As Ann Carlson, a professor of environmental law at the University of California Los Angeles, told Vox recently: “That’s the brilliance of having children as the plaintiffs … they’re arguing about the future of the planet.” If successful, it will be a landmark case finally granting rights to the citizens of tomorrow.
Jack the Ripper revealed? | KCBS-TV
Dr. Stanley Nelson, a UCLA professor of human genetics, says the DNA case against [Aaron] Kosminski is strong, but not completely iron-clad. “They’re not identifying a unique person, actually it’s about one in 50 to one in a hundred individuals in modern England have this mitochondrial type.”
The first emergent constraint was identified on the snow-albedo feedback by lead author Professor Alex Hall of the University of California in Los Angeles, who said: “we found that the seasonal variation in the amount of snow-cover was closely related to the strength of the snow albedo feedback in the future, across a wide range of climate models. “As we have satellite measurements of snow-cover variations in the recent past, we can use these observations to select the most likely values of snow-albedo feedback across the models.”
It’s important not to consume too few calories, either…. UCLA evolutionary biologist John Phelan told EatingWell that the gains from consuming a restricted-calorie diet aren’t enough to make it worth our while. Instead, focus on meeting your body’s specific caloric requirements for proper nutrition and longevity.
Wealth and admissions | Inside Higher Ed
Ozan Jaquette, an assistant professor of education at the University of California, Los Angeles, was one of those involved with the study on demographic shifts following an increase in out-of-state enrollment. He is also one of the lead researchers on the Off-Campus Recruiting Research Project, which looks at where colleges and universities recruit.
A shift in giving means local nonprofits must adapt | Los Angeles Daily News Opinion
A 2016 study by UCLA’s Luskin School of Public Affairs found that charitable giving in Los Angeles fell by more than $1 billion between 2006 and 2013. While the Great Recession likely skewed the data, it is also true that our region lost about 165,000 white-collar, managerial-class jobs over the past 20 years as companies moved out of the region. Over this same period, the local population rose by approximately a million people.
Ultrasound provides precise, less invasive way to measure heart function in children | Medical Xpress
In an accompanying editorial, Christine T. Trieu, M.D., physician anesthesiologist, at the Ronald Reagan UCLA Medical Center, noted there are very few commercially available, precise cardiac output monitoring devices for infants and young children. “Despite the encouraging results from this study, there are still many challenges in developing the ideal cardiac output monitor for pediatric patients,” said Dr. Trieu. “This is the reason why we welcome and applaud the study by Dr. Sigurdsson et al; it offers the possibility of a simple and reliable method that uses arterial line and central line to measure cardiac output in children of all sizes.”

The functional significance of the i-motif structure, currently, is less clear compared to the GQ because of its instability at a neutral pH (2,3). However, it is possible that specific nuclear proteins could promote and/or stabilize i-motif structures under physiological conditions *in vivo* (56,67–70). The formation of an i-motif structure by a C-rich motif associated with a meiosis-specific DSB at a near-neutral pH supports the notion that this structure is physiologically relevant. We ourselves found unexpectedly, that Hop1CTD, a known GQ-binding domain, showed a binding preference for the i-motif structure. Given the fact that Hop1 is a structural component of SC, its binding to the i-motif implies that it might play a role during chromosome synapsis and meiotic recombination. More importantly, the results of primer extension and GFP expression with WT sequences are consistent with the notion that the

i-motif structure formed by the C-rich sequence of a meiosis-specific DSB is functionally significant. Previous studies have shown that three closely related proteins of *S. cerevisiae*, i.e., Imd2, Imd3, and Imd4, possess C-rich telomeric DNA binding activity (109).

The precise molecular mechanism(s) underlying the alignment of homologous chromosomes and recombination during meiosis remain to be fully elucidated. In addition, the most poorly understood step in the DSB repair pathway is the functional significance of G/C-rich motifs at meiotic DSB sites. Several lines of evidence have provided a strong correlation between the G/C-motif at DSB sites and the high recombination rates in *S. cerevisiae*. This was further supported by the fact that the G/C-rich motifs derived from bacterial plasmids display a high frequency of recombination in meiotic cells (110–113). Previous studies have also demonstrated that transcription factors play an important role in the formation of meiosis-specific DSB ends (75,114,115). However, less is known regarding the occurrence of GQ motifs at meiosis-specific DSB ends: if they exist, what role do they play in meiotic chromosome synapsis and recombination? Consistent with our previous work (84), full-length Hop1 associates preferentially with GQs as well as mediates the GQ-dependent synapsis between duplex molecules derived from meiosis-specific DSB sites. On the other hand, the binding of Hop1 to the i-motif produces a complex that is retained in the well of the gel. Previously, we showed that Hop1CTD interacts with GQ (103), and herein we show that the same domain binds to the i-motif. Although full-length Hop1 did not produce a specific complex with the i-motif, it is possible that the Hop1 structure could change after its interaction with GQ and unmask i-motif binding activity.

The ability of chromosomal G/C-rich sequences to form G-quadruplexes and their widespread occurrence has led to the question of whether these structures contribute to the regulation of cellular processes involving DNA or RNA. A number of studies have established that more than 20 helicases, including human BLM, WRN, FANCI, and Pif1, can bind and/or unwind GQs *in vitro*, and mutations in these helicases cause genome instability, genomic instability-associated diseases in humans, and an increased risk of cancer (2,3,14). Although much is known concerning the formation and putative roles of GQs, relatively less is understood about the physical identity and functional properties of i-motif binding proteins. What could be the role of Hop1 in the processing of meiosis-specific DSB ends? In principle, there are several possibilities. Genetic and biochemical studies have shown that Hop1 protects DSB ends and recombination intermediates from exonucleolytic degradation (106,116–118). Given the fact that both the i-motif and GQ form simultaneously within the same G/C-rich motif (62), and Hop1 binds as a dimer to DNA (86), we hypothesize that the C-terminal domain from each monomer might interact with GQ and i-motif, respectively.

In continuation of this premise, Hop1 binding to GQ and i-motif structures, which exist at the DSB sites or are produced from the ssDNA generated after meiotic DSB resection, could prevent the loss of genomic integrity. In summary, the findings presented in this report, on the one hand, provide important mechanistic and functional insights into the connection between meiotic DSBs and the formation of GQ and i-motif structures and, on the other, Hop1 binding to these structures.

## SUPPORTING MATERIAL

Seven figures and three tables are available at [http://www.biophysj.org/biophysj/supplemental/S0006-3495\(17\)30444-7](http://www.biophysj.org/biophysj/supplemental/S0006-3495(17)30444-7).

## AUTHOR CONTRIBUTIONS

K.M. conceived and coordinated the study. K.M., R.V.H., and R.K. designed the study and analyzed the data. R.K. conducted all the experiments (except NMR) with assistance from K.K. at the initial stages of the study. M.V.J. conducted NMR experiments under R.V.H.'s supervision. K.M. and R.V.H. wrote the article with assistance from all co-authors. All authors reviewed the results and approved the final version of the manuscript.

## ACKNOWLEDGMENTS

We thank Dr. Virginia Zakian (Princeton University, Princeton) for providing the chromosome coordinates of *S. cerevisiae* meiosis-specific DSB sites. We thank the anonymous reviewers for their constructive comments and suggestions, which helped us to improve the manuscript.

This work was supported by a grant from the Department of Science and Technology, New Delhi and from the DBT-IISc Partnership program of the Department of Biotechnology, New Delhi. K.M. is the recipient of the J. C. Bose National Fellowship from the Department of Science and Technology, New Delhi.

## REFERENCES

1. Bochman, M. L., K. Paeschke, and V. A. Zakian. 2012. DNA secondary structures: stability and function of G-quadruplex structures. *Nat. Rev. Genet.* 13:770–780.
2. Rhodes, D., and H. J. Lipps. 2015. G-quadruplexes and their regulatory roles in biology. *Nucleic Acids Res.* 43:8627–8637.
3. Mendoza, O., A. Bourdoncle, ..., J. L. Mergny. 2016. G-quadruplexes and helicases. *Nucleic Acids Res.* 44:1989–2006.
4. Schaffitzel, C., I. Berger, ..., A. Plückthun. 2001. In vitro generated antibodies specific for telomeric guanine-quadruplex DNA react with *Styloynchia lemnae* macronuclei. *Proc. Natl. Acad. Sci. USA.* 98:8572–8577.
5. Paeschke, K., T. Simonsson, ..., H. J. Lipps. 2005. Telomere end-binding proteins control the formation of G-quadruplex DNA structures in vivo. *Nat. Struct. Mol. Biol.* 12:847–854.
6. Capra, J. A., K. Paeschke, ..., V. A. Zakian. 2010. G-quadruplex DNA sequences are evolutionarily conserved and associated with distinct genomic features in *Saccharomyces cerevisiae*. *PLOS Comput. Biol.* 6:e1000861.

J.H. Kwabena Nketia, 97, pre-eminent scholar of African music, dies | New York Times
He held professorships at the University of California, Los Angeles; the University of Pittsburgh; and the University of Ghana, where he helped shape the curriculum after Ghana broke free from British rule. His 1974 book, “The Music of Africa,” is widely considered a definitive historical study, and “Ethnomusicology and African Music,” a collection of his writings published in 2005, is used in classrooms throughout Africa and across the world.
[Michael] Yeaman is also a Professor of Medicine at UCLA, and Chief of the Division of Molecular Medicine at Harbor-UCLA Medical Center. To further validate the significance of this discovery, he and Yount worked with Gerard Wong and his team from the Department of Bioengineering, Department of Chemistry and Biochemistry, and the California NanoSystems Institute at UCLA. Together, they applied state-of-the-art artificial intelligence and machine learning methods to verify how the alpha-core signature encompasses features of peptides known to exert strong antimicrobial activity. This is an example of how medicine, bioengineering and computational modeling can work toward improved health outcomes.